What can organizers do to reduce the risks of extreme weather sporting events? The most obvious solution is to introduce more flexibility in when and where fixtures take place. America’s National Football League (NFL), whose season begins in September, at the height of the country’s hurricane season, is accustomed to rescheduling games due to severe weather. Its rules state that organizers will try to reschedule any postponed match within two days of the planned date. If the original location is not available, the fixture will be moved to the nearest alternate location. After Hurricane Katrina devastated New Orleans in 2005, the Saints, the local team, still played a full season, moving home games to stadiums in Louisiana, Texas and New Jersey. In golf, meanwhile, American tours of the PGA Tour take into account seasonal weather patterns. Last year the tour started in the southern states in October, before moving to California for five weeks in the winter (“swing coast-west”), and only going to the northeast as the weather improved in April.

Another option is to simply escape the elements altogether. Tennis has long been played indoors, and Wimbledon’s two courts with retractable roofs allow big matches to continue in pouring rain. The turn from outsider to insider affects more than just grieving spectators, however. Jamie Murray, doubles champion who took part in the club’s new covered court trial this summer, said “if the roof is closed the ball travels through the air more easily”. The fact that there is no wind or glare from the sun makes playing more challenging as well. In a sport like cricket, the effect would be even more pronounced: batsmen prefer sunny, dry conditions, which make it difficult for bowlers to “swing” the ball, or move sideways as it travels. through the air. A handful of cricket grounds, such as Melbourne’s Docklands Stadium, have a roof, but many fans argue that cricket’s exposure to the elements gives it an interesting look.

While sports leagues can take steps to mitigate extreme weather, the Rugby World Cup shows that this is not so easy to do with major one-off tournaments. Organizers should pay more attention to the climate when choosing venues. Qatar’s strong climate is likely to make the 2022 football World Cup difficult for players and fans. Tokyo’s bid for the 2020 Olympic Games promised “mild and sunny weather” that would provide “an ideal climate for athletes to perform at their best.” ” When the city had a heat wave of 40 ° C last year, the organizers had to admit that heat is indeed a danger. In an article for the Times of Japan, Takeo Hirata, who is in charge of government coordination of the games, offered a series of vague solutions. These included not cutting down trees on the marathon route to offer runners some shade and pavements with a special coating that reflects infrared rays. A better option might be to reschedule the events for later in the year. One member of the International Olympic Committee (IOC) told the New York Times that the main reason the Games can’t be moved from July and August is to fit the schedules of the pocket-full American broadcasters.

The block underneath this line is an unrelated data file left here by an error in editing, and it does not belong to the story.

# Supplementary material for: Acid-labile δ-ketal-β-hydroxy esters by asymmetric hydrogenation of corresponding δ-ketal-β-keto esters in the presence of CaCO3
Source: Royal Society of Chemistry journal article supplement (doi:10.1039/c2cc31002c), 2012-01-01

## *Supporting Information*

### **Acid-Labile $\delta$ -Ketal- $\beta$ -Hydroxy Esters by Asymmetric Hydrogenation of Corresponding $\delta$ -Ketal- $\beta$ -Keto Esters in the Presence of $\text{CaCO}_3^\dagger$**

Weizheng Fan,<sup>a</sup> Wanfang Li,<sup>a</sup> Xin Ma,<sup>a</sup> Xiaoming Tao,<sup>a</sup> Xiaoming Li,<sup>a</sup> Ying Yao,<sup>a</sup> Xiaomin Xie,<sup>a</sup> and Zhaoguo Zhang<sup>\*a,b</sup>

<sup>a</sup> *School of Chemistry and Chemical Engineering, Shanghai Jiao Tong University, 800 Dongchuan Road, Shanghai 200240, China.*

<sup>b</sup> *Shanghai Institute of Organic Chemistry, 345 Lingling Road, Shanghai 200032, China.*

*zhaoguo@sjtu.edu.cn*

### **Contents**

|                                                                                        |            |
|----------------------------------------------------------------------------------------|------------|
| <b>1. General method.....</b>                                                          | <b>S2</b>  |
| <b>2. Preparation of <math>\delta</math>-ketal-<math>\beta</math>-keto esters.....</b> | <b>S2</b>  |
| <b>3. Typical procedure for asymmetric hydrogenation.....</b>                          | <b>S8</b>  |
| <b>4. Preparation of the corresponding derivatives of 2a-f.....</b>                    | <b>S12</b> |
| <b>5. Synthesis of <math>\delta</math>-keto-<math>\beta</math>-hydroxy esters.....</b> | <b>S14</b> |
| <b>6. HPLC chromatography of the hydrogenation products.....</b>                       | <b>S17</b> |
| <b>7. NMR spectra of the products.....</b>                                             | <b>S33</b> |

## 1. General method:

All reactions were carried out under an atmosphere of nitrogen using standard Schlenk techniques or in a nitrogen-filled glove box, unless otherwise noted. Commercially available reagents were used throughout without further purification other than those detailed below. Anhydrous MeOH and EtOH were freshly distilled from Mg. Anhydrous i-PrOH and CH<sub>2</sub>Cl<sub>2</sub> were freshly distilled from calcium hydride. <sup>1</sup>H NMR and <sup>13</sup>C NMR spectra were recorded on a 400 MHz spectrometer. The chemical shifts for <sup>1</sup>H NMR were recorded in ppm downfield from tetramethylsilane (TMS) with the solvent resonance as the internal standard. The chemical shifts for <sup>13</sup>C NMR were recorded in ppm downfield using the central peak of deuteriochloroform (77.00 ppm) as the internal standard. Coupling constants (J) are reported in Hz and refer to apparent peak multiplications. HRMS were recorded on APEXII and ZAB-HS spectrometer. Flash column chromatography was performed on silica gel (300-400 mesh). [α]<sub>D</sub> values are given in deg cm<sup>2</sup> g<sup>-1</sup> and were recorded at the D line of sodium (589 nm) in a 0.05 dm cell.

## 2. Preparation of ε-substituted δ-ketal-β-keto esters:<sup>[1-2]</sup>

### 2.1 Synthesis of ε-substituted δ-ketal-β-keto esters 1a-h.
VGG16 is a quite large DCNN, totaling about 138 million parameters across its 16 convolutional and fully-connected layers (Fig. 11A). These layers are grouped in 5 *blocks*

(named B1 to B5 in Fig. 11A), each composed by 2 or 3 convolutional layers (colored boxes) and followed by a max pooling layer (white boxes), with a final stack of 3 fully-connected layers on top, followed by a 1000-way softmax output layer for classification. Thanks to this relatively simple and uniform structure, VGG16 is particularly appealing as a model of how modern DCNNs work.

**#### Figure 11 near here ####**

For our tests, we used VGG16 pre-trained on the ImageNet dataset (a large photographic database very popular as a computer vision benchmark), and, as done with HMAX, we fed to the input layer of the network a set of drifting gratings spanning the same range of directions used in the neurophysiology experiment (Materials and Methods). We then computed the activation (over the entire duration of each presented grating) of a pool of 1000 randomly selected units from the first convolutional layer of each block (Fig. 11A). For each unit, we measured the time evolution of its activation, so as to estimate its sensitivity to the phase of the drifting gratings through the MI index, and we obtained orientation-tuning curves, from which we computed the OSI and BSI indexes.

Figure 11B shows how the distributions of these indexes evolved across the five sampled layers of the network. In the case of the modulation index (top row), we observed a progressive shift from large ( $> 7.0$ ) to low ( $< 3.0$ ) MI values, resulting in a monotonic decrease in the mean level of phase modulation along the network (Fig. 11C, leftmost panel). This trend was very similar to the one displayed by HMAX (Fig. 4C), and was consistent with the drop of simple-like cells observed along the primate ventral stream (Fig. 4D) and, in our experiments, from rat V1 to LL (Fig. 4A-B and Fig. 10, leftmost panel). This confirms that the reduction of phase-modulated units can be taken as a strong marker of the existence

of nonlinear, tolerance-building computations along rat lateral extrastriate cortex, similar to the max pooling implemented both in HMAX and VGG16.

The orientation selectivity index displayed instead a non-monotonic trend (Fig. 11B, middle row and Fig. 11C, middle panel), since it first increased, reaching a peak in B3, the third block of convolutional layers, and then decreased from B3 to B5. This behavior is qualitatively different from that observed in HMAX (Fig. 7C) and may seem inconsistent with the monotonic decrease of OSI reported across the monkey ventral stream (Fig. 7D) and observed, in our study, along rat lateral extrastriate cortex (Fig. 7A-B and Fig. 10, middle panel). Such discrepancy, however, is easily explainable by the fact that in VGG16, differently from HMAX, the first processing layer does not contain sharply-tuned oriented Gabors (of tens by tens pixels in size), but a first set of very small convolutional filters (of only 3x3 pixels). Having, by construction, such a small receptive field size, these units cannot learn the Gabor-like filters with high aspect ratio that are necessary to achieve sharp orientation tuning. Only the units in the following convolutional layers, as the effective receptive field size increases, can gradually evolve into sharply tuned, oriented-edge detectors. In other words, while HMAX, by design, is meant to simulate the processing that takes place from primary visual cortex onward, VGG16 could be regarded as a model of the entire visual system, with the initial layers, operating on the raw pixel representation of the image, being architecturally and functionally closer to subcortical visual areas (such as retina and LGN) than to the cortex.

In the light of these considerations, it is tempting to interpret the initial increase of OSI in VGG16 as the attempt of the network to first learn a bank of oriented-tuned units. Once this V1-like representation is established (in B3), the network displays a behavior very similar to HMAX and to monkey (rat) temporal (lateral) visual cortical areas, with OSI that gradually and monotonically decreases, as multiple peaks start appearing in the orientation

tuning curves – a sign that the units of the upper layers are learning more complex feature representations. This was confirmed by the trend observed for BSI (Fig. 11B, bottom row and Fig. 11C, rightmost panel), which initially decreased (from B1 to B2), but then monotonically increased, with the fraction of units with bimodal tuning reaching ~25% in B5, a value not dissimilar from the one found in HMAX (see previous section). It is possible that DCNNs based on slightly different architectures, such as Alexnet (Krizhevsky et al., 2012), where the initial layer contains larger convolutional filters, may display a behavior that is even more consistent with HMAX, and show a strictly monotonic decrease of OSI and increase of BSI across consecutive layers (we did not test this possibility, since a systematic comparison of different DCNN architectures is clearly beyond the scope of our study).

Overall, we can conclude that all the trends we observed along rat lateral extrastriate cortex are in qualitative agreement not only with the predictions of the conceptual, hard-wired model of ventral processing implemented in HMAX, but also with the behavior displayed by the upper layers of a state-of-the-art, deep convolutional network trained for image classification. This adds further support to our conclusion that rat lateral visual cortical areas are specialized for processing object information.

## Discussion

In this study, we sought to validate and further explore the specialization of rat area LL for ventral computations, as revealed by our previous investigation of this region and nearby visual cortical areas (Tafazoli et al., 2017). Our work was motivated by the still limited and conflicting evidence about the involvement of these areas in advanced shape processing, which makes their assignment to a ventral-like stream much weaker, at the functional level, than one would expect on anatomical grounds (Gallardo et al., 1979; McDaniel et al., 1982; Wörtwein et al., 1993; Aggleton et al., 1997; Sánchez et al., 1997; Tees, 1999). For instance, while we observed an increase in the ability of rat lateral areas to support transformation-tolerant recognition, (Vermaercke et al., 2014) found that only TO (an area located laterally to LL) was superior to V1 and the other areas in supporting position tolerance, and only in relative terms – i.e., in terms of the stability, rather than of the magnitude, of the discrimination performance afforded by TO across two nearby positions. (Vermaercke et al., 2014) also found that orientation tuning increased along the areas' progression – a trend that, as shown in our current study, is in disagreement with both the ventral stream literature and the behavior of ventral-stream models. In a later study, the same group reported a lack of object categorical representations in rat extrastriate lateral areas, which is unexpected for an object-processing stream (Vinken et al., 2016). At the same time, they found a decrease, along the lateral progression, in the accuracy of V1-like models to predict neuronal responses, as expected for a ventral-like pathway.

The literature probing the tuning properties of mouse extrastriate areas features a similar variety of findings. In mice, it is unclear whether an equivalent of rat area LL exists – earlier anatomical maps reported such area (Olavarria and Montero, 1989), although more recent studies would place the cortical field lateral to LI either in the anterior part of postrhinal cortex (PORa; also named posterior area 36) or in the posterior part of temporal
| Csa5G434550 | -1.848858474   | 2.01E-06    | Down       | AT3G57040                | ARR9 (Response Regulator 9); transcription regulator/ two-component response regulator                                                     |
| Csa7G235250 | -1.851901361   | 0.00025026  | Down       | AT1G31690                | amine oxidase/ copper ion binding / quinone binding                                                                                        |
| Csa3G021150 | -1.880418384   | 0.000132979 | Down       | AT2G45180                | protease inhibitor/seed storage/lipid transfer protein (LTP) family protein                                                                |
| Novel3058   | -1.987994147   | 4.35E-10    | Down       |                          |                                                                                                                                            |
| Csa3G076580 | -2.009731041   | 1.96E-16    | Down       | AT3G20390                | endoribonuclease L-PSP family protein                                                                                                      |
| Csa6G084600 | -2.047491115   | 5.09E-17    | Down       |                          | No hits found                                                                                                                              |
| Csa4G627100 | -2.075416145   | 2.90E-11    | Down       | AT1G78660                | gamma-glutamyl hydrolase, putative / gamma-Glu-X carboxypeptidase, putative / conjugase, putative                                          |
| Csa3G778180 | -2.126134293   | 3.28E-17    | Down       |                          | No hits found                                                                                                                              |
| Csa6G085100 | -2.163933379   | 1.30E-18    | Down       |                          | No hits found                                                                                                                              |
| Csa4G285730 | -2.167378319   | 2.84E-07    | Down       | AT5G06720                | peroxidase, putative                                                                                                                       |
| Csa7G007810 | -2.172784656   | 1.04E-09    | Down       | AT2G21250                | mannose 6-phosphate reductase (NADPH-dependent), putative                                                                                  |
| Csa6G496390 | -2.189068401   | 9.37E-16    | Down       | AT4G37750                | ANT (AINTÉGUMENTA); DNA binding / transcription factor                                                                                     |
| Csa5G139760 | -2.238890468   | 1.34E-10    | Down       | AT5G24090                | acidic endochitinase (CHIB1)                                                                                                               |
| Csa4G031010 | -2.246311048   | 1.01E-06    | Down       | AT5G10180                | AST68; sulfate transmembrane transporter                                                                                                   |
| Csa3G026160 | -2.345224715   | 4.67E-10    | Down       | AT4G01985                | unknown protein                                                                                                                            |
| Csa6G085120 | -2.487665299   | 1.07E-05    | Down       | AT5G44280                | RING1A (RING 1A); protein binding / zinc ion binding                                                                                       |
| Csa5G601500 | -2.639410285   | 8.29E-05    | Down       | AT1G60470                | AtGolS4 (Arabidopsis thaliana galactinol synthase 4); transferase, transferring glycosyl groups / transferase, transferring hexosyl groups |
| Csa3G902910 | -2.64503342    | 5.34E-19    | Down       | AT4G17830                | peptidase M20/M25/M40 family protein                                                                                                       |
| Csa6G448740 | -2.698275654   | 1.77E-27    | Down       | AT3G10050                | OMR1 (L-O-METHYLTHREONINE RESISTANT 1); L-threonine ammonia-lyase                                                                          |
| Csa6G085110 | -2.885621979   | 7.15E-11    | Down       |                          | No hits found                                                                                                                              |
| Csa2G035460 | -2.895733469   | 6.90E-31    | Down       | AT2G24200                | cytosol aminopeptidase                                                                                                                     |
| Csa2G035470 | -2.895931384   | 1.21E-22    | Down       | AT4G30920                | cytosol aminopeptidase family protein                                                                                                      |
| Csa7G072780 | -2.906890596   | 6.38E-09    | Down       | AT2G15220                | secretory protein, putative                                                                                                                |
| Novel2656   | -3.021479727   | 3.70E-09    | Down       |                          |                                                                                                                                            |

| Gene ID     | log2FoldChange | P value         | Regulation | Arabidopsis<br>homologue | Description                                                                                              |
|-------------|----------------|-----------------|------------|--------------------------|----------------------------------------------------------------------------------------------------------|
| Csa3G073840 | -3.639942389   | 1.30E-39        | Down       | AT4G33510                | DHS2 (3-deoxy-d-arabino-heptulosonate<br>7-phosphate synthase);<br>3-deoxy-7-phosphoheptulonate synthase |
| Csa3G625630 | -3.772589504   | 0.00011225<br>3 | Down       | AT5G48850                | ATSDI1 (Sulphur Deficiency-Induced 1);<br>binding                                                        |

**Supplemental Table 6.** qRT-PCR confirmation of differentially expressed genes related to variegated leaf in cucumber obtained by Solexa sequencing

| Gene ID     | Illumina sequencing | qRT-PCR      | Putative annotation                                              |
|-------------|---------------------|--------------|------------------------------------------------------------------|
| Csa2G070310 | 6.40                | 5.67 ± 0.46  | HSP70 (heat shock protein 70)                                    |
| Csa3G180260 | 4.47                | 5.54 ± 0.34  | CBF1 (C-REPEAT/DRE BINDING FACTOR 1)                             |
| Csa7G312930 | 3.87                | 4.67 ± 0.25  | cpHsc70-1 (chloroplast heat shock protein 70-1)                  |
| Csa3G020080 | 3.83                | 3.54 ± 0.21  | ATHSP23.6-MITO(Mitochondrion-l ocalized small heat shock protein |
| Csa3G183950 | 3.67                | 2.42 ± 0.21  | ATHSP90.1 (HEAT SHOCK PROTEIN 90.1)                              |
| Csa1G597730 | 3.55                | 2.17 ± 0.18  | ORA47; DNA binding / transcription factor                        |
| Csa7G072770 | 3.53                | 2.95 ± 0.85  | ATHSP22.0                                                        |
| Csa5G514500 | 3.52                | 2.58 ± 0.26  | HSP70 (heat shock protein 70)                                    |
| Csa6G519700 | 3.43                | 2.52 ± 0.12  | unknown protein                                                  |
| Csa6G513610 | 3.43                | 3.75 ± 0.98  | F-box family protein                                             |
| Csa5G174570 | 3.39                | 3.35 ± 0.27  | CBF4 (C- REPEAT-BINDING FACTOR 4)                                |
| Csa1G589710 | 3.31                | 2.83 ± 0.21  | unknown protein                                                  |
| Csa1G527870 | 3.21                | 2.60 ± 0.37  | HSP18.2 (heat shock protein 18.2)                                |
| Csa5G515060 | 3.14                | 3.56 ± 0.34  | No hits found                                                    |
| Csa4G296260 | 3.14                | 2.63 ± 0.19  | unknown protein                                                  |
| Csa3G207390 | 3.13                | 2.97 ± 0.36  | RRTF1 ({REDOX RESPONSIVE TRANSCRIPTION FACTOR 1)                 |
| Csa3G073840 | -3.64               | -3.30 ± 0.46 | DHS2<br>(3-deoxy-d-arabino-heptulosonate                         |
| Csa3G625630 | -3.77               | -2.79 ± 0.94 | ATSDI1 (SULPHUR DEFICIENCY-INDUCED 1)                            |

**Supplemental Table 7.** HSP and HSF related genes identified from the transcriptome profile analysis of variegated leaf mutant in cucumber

The cost of extreme weather could make lost broadcast dollars seem like loose change. Climate change is an increasingly expensive threat to many businesses. Between 2016 and 2018 America suffered an average of 15 environmental disasters per year, causing more than $1bn in damage (in current prices) – up from five per year between 1980 and 2015. -injured, however: it is often outside and it is difficult to rearrange fixtures. Since 2004, the IOC has taken out cancellation and abandonment insurance which covers its operating costs if the Games are disrupted. With the average cost of hosting the Games at $5.2bn, according to a 2015 study, insurers and fans alike will be hoping no such claims are made at next year’s Games. Rising insurance premiums can even make some events impossible. If sports can’t – or won’t – adapt to protect themselves from the elements, fans should expect more unrest as seen at this weekend’s Rugby World Cup.